Last night I attended NOAH’s ONE NIGHT CRUISE 2016 at Tokyo’s Korakuen Hall. The purpose of this article is to give readers an early take on the main event, one of my favorite matches of the year.
— 週プロmobile (@shupromobile) November 1, 2016
The path to last night’s GHC Heavyweight Title main event between Katsuhiko Nakajima and Minoru Suzuki was tumultuous and indirect. To NOAH fans, 2016 has been frustrating, alienating and illogical. My purpose is not to re-hash the entire tragedy of the Suzuki-gun invasion, but rather to give some recent and relevant context to the match. Thankfully, the recent sale of the company seems to have resolved the story sooner than expected.
This was the first defense for Nakajima, who finally captured NOAH’s top title at their October 23 Yokohama show. Suzuki-gun’s namesake and leader recently defeated the champion in a league match on his way to winning the Global League.
Just a few weeks ago, Minoru was on the cover of Weekly Pro-Wrestling, promising that a final time-bomb would end NOAH for good. He alluded that this bomb would be bigger than the defections of Takashi Sugiura and Yoshinobu Kanemaru. The pre-show video hyped this as the final battle between NOAH and Suzuki-gun. Katsuhiko vowed to protect NOAH; Minoru was seeking to end it all.
— まーこ@next12.2NOAH?? (@masha_mako) December 2, 2016
The beginning of the match was deliberate and tense. Much of the early match was built around Minoru’s ability to defend against and counter Katsuhiko’s middle kicks. Minoru relentlessly attacked Katsuhiko’s leg throughout the match, in and outside the ring. As the pace picked up, Minoru’s elbow strikes were among the hardest I’ve seen. Each one got a gasp from the nervous and mostly partisan NOAH crowd of 1,110.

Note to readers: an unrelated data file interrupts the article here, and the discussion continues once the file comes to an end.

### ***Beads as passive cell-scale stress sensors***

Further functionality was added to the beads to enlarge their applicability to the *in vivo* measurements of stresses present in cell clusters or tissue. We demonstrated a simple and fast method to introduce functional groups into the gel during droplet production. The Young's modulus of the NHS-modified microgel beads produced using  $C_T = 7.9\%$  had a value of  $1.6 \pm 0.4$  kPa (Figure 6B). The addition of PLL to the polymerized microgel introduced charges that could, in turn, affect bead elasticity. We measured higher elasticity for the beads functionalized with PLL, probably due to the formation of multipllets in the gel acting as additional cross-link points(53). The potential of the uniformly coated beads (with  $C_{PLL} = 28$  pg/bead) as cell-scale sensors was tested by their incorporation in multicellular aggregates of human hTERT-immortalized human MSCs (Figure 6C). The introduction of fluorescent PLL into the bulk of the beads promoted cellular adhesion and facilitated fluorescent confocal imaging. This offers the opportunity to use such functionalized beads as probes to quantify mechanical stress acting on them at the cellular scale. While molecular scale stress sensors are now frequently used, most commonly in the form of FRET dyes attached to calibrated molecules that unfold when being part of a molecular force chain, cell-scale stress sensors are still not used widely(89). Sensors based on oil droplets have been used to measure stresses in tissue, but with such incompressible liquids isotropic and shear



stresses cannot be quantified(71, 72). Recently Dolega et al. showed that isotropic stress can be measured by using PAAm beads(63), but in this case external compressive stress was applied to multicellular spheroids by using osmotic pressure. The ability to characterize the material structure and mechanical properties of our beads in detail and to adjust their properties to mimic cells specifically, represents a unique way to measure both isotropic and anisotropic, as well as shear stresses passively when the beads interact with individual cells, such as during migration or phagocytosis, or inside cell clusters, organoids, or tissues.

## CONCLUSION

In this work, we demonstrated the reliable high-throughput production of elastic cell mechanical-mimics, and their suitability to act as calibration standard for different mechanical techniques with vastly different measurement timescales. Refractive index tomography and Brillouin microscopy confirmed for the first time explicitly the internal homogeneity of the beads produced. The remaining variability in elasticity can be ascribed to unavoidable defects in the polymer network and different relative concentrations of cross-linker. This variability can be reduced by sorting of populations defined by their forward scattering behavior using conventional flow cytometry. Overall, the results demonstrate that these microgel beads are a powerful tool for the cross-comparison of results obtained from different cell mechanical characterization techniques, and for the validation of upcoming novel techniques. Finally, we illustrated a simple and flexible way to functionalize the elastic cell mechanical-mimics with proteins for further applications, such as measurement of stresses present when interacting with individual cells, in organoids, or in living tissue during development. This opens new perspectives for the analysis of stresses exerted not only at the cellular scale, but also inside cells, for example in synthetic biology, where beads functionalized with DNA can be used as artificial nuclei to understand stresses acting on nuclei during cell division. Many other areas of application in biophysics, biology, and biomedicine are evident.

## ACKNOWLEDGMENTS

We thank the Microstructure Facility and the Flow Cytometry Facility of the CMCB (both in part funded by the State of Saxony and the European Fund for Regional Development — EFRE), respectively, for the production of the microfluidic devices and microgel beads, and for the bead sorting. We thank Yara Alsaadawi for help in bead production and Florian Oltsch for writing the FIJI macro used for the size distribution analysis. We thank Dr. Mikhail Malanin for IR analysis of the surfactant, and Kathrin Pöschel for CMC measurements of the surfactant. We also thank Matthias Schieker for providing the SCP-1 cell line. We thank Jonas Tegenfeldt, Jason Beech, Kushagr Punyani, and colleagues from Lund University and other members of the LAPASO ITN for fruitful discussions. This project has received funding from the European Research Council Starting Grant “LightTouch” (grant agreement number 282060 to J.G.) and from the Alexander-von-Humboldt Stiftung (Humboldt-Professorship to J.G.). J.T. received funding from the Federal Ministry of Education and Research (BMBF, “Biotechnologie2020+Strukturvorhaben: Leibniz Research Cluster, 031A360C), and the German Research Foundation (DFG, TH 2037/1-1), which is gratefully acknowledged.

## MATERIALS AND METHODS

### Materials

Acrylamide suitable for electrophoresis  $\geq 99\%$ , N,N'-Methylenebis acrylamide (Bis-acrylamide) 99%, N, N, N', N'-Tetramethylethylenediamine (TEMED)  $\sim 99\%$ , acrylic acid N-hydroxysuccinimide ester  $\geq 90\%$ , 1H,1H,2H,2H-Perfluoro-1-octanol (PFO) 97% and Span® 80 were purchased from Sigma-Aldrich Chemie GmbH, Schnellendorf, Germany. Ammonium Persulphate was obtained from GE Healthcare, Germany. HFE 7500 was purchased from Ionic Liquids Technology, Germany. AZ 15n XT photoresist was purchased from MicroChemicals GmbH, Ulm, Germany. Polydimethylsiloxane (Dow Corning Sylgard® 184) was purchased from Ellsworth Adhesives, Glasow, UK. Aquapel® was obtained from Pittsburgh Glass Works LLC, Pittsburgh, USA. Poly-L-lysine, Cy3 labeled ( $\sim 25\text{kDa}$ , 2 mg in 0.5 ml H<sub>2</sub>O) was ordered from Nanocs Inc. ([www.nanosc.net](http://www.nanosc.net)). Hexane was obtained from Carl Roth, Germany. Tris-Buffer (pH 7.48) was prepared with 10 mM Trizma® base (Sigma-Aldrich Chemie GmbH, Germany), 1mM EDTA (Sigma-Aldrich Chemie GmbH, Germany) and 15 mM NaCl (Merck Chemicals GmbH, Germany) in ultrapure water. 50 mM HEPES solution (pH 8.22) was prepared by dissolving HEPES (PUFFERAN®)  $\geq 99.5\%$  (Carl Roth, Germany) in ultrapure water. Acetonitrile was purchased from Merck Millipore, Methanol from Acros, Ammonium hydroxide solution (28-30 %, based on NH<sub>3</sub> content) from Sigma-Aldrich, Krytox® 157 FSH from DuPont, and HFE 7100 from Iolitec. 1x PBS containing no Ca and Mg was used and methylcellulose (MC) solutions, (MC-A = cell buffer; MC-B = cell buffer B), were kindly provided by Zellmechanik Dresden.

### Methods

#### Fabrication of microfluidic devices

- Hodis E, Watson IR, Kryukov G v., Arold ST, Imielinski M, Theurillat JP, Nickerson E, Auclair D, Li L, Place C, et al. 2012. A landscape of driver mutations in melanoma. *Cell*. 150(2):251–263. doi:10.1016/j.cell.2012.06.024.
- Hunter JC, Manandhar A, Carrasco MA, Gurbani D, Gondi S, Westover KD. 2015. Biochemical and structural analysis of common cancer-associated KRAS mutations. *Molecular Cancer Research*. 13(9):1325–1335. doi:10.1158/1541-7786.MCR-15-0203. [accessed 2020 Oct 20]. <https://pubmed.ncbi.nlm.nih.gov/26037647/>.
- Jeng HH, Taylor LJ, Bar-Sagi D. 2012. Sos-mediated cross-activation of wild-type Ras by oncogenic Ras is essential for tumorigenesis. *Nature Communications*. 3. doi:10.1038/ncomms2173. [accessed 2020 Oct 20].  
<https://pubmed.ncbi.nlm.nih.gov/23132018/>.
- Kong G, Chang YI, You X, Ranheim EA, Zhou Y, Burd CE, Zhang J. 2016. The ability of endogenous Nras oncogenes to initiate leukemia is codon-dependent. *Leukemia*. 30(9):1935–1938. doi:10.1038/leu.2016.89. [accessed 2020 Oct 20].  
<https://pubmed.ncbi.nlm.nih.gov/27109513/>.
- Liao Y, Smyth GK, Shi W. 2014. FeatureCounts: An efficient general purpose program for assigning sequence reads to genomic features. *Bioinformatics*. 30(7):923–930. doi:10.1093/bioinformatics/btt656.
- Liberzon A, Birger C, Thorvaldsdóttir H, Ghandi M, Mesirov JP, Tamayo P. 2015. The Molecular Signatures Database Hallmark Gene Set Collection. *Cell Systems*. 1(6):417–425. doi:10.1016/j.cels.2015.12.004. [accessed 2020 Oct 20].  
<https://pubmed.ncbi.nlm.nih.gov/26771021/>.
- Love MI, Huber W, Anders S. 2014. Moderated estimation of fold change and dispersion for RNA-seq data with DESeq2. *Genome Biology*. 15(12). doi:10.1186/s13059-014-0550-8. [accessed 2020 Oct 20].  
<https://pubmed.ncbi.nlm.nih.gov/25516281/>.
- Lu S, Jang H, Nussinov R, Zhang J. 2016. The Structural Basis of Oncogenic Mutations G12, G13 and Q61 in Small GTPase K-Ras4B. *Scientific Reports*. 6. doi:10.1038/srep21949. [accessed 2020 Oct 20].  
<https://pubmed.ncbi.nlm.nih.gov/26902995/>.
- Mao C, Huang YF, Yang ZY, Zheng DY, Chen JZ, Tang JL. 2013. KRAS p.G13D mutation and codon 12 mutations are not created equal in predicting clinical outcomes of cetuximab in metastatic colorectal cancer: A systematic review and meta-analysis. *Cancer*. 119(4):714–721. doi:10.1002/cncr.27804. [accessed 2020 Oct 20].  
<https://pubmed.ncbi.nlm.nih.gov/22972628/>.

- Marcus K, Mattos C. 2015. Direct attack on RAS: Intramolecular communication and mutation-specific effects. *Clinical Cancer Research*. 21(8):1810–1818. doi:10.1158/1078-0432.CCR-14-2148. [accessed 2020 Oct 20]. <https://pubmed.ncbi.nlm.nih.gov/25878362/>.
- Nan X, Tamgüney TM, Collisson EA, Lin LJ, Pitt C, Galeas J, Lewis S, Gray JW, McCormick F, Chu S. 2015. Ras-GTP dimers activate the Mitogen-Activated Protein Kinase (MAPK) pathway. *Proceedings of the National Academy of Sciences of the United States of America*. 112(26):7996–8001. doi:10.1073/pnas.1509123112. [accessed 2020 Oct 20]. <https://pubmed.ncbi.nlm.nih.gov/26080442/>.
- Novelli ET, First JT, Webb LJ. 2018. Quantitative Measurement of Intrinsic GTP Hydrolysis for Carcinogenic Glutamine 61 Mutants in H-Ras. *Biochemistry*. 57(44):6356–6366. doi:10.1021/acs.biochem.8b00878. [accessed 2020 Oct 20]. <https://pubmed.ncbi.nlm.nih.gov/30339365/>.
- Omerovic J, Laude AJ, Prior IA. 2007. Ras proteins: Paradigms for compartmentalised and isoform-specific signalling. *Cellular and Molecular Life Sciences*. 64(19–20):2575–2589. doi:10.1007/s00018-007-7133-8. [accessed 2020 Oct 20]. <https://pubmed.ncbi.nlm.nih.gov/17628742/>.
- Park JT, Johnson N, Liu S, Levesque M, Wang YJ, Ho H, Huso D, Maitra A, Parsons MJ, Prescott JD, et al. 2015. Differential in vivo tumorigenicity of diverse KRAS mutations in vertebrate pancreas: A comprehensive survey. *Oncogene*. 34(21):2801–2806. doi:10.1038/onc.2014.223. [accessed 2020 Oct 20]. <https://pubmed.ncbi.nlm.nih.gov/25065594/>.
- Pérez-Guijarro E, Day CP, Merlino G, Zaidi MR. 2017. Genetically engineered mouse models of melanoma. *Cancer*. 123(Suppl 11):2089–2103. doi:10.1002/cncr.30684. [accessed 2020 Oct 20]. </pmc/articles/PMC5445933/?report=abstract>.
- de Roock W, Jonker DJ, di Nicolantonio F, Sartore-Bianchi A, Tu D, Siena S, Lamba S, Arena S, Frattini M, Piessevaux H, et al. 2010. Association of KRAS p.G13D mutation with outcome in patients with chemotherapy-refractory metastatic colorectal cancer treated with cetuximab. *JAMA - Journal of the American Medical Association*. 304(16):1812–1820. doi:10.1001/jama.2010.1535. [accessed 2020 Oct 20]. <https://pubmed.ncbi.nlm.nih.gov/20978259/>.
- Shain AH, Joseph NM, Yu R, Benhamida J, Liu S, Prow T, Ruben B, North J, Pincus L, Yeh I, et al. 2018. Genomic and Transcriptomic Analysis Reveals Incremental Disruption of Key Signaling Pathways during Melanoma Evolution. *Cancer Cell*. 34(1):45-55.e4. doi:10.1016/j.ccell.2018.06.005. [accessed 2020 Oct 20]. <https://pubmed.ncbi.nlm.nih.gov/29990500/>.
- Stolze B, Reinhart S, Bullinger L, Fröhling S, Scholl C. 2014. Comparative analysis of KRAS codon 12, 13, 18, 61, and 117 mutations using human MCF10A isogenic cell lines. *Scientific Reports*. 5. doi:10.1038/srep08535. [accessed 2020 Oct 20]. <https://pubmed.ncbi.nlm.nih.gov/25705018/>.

Although Minoru was able to defend against the middle kicks, Katsuhiko eventually landed a few big-impact high kicks started to turn the tide. In a symbolic tribute to NOAH’s founder, Katsuhiko landed two rolling elbows and a running elbow smash to put Minoru on the defensive.
Minoru Suzuki was incredible in this match. His facial expressions, character portrayal and in-ring work make this one of my favorite Minoru matches. At one point, when setting up for the Gotch-style piledriver, he exclaimed “IT’S ALL OVER!” in his unique and menacing growl. As the match wore on, Minoru did an amazing job selling the idea that he couldn’t outlast Nakajima; he needed the time-bomb. In the final minutes, Minoru kicked out of one Vertical Spike, but was in panic mode. The “final boss” desperately called for the time-bomb to appear, but it never did. Suzuki’s performance reminded me that he can still be a top-notch performer and I’m looking forward to his next steps.
In a career-defining performance Katsuhiko was able to land one last high kick that had fans thinking Minoru was knocked out. He eventually put him away with another Vertical Spike; ending a great 37-minute match which is among my favorite matches of the year. Katsuhiko delivered the perfect performance for this match. His selling had the fans worried and his comebacks kept their hopes alive. This is what I was hoping we would get out of him in Yokohama. This is what I have been hoping we would get out of him all year in NOAH. The future of NOAH is in good hands with Nakajima at the helm.
NOAH has created a terrible main-event stigma this year with overbooked, interference-laden messes that usually send fans home unhappy. Throughout the invasion, NOAH trained its fans to be skeptical, particularly of main events. I personally feared that either Naomichi Marufuji, Go Shiozaki, Masa Kitamiya or worst-case scenario, Masayuki Uchida would close out the show wearing a Suzuki-gun shirt. However, since Uchida took over, NOAH has started to reverse some of that stigma by providing fans with much-needed feel-good endings. Fortunately, the match more than delivered and so did the booking.